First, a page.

David Cameron’s humiliation in Parliament is without precedent in modern history.
The last time a British prime minister was defeated over an issue of war and peace was in 1782.
It also means that Britain’s standing globally is no longer what it used to be. The bruising it suffered cannot at this stage be quantified. Even with the loss of its empire, Britain still remained an important influence in world politics much beyond its size and its reduced wealth.
The special relationship with the US – which I never believed was as solid as our government claims – is badly indented with the rejection of Parliament to stand side by side with the US on the Syrian issue. It was the British PM who pressurised President Obama to consider taking punitive action against the Assad regime, on the assumption that it used chemical weapons against its own people.
David Cameron will certainly feel diminished as a result of the gravely wounding snub to his leadership and will no doubt lose any effective influence he might have had in dealing with the EU. The French, in particular, are cock-a-hoop about this turn of events and are likely to benefit from Cameron’s fall from grace in the eyes of those who envy Britain’s major role in world affairs. Cameron’s rhetoric about renegotiating some aspects of the European Treaty and getting more independence from Brussels will now be harder to achieve as his credibility is bound to fail the test of time.
With some Tory backbenchers reluctant to support him, there are clear indications that he has lost control of his own party and is unlikely to recover from the impact of their betrayal. This will lead to his ultimate humiliation.
On the other hand, the discredited Labour leadership proved conclusively that they cannot be trusted to keep their word in a crisis. It is worthy of note, however, that it was a Labour government who colluded with the US to invade Iraq under false pretensions; and now, it seems, the present incumbent leadership is playing the hypocritical role of being ever exacting in order to gain every cheap political advantage possible. Tony Blair, the renowned warmonger, is at it again while his previous acolytes are playing their saintly shambolic function as a matter of expediency.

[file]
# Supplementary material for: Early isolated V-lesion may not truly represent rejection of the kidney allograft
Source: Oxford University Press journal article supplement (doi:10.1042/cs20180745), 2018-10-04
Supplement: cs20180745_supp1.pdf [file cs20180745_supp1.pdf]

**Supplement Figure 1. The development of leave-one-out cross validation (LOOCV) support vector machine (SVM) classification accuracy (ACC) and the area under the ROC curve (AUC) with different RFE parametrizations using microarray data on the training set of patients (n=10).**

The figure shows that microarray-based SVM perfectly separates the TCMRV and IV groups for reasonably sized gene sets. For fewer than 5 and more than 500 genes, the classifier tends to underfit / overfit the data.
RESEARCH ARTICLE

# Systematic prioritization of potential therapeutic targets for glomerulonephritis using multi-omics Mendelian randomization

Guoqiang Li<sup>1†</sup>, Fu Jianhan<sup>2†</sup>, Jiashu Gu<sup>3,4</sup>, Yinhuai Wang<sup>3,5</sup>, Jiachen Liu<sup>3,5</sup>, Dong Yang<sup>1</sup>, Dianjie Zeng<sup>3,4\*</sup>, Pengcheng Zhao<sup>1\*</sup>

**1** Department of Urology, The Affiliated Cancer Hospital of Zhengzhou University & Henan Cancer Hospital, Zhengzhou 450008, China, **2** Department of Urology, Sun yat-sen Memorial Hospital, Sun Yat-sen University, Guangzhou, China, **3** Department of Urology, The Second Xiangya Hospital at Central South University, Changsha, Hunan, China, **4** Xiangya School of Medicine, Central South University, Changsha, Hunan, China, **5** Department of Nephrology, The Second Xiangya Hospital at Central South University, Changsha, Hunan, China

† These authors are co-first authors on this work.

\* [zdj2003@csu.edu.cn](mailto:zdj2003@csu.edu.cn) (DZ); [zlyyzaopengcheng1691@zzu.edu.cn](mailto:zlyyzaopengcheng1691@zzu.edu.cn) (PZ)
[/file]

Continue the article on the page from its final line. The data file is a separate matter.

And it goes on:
How politics has become a profession of mediocrity is beyond the pale. Ed Miliband can never rise to the challenges of the job. How can anyone be convinced of his sincerity when he wrested the leadership of the Labour party from under the very nose of his own brother? He has tricked David Cameron into believing that Labour will support the government, when he clearly had no intention to do so. It is now abundantly clear that leopards never change their spots.
Miliband has come out of all this worse than the PM, whose judgement has been appalling to say the least. But Miliband’s behaviour has done Britain incalculable harm. He will always be remembered as the cad who upset the apple cart and made us as a nation the laughing stock where our prestige matters.
The lessons our politicians must learn quickly are very simple. If you cannot bite, never show your teeth. You will avoid calamity and sleep better.
And finally, never call a vote in Parliament if you don’t know you can win it.